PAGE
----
SOUTH PADRE ISLAND — It’s not hard to imagine the Buntin family with its own reality show.

The reality of this sprawling, musical, nautical, entrepreneurial clan — now ensconced on South Padre Island — may be beyond the grasp of television.

Helmed by Texas native Rupert Buntin, the Buntins’ adventures have taken them to Alaska, Hawaii, Mexico and Washington state, attracting media attention and entertaining/mystifying crowds along the way.

In January, the family purchased the Palm Street Pier on the Island, renaming it the “Lobo del Mar Café.” All the family’s business ventures — parasailing, marine charter, entertainment, etc. — are done under the Lobo del Mar moniker.

The Buntins arrived here from Port Hadlock, Wash., where they owned a marine salvage operation, a parasailing company and a trading post. During their spare time, they entertained tourists and locals with their trademark, homegrown musical extravaganza featuring guitars, drums and bagpipes, Celtic, Middle Eastern, flamenco and Mexican folk music, and Irish step, hula and belly dancing.

“Our show, what we did in Washington and Hawaii for a long time, that’s three hours long usually,” said Brady Buntin, a bagpipe player, bagpipe builder and the ninth of Rupert and Carrol Buntin’s 11 children.

“There’s 18 dancers and they do these big numbers. It’s got all this stuff going on.”

So much that it won’t all fit in the Lobo del Mar Café, thus the full show has been staged only a few times on the Island, and at other venues. Still, Lobo del Mar features live, local music seven days a week, including the “fam jam” every Tuesday.

“It’s just us boys, and I’ve got a niece that plays slide guitar and Dobro,” Brady said. “She plays with us, and it’s just all of our tunes that we like to play, that Mom and Dad like to hear.”

It’s been nice trading the kilts — yes, kilts — for boots and jeans, Texas style, he said. Brady builds a number of other old-world instruments in addition to bagpipes. His parents’ families were musical, and his father played steel guitar before joining the Navy, he said. Instruments always were laying around the house — in this case, the boats on which the home-schooled Buntin siblings grew up.

Several of the older kids were raised in the Northwest before the family set sail in a caravan for Alaska, where Brady grew up. Lobo del Mar is from the name of the Buntins’ second boat, Sea Wolf.

“We worked as gill netters in southeast Alaska,” he said. “We did electrical work. Then we went to Mexico when I was still a teenager, and lived there for 14 years.”

The family had begun to disperse as the children reached adulthood and went off to pursue their own careers, though they realized they liked it better when they were together, and so they regrouped on the Sea of Cortez during the early 1990s. There the Buntins ran a charter boat business for the tourists. Some of the boys married Mexican women, then the whole group relocated to Hawaii in 2006 and resumed business, bagpipes, belly dancing and all.

“There were only 50 of us then,” Brady said. “Last time we counted, I think there was 60 or so. Every time we count, someone else has a kid. I think there’s going to be 61 at the end of this year.”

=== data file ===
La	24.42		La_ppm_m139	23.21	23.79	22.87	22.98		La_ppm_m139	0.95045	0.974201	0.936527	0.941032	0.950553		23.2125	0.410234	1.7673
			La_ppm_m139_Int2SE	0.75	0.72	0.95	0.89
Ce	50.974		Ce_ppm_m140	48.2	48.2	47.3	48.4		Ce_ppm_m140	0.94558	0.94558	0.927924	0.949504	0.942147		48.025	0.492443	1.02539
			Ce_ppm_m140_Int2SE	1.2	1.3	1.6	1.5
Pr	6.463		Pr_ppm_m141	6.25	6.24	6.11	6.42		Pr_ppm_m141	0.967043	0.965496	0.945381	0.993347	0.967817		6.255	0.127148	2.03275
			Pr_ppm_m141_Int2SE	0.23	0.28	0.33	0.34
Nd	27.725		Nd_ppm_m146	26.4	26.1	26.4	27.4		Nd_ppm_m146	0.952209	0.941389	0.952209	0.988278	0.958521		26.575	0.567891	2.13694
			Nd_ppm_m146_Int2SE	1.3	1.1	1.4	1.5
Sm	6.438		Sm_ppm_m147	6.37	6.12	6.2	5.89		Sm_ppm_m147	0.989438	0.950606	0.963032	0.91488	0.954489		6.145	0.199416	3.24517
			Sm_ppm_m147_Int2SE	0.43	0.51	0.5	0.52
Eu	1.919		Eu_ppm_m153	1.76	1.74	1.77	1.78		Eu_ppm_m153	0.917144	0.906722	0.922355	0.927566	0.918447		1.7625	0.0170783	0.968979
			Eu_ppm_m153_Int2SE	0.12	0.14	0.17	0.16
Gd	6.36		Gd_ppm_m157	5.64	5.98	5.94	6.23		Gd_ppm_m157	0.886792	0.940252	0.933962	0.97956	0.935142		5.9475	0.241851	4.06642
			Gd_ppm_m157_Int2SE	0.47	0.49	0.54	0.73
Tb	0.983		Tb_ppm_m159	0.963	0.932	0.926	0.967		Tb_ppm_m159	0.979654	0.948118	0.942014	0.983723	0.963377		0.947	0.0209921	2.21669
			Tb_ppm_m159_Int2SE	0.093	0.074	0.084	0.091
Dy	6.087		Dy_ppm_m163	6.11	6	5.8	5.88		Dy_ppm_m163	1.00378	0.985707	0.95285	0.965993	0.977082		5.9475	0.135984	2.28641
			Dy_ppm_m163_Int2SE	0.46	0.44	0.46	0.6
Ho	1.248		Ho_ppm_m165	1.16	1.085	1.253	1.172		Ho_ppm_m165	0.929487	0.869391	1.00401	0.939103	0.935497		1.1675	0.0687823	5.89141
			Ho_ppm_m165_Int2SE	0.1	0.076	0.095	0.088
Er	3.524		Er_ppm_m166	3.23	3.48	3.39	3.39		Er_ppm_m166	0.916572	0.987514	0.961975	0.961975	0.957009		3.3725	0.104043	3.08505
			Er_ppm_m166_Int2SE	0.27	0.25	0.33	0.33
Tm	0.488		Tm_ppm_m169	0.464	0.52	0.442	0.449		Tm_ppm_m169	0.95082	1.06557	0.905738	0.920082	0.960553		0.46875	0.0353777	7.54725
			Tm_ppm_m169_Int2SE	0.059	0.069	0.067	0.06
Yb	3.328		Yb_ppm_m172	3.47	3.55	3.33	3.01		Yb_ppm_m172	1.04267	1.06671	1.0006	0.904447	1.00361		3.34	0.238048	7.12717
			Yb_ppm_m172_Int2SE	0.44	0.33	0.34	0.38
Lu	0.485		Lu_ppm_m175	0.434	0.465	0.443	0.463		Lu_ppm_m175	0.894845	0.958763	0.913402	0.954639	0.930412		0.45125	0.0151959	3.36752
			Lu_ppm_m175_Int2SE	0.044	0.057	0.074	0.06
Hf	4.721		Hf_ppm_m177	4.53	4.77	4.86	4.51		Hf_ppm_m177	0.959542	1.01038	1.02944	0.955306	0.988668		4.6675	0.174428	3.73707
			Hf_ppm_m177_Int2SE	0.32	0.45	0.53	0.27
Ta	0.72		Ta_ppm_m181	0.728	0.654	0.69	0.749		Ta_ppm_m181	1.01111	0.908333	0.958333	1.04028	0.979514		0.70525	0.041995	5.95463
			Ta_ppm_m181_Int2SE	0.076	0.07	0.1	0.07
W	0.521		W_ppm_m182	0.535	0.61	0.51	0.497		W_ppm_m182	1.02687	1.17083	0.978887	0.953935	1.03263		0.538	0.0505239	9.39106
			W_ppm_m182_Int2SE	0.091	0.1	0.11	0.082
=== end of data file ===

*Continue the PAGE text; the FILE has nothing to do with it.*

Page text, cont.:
After six or seven years in Hawaii, where another couple of brothers married locals, the clan weighed anchor once again and headed back to Washington so Rupert could eat salmon and Dungeness crab, which he missed, Brady said.

“He’s really footloose,” he said. “My dad just loves to travel, loves to see the world. That’s how we grew up. Every few years he’s like, ‘Let’s go somewhere else.’ He’s always saying there’s too much of the world not to see.”

But after four years of cold, damp life in the Northwest, Rupert’s thoughts turned to his first home — Texas.

“He came down here last February,” Brady said. “He’d never been to the Gulf. He could not believe South Padre Island. It was just like a jewel. So he called up the family and said, ‘I’m not coming back to Washington,’ so we sold all of our businesses and moved down here.”

The clan came down in batches, with Brady moving his family here about one year ago. The clan has been busy sprucing up its restaurant/bar while trying to hang on to the “washed-out beach feel,” he said.

“You can pull your boat up, gut your fish on the dock, and walk up and have a drink,” Brady said.

Lobo del Mar has two boats and offers parasailing, fishing charters, dolphin tours, sunset cruises and watercraft rentals. The family kept on most of the staff, has installed a new kitchen and tweaked the menu, Brady said.

“We kept all of the good stuff,” he said. “We’re just adding more stuff that we like to eat and upping the quality of everything. Keeping the prices low but upping the quality. The family eats here. We like good food.”

Brady describes the family as “laid back people” who work seven days a week.

“Except for me,” he said. “I just try to look busy.”

Carrying on a ritual the Buntins have observed for years, every evening at sundown the pipes come out. No matter where in the world they happen to be, Rupert wants to hear the pipes every night before he goes to bed, Brady said.

Business is good, meanwhile, and the people are “awesome,” he said. As for the chances of restlessness one day causing the family to up and leave, Brady declined to speculate.

“We don’t make plans like that, but I’ll tell you this about South Padre Island: From what I’ve seen and all the brothers and sisters I’ve talked to, this is the favorite place we’ve ever lived,” he said.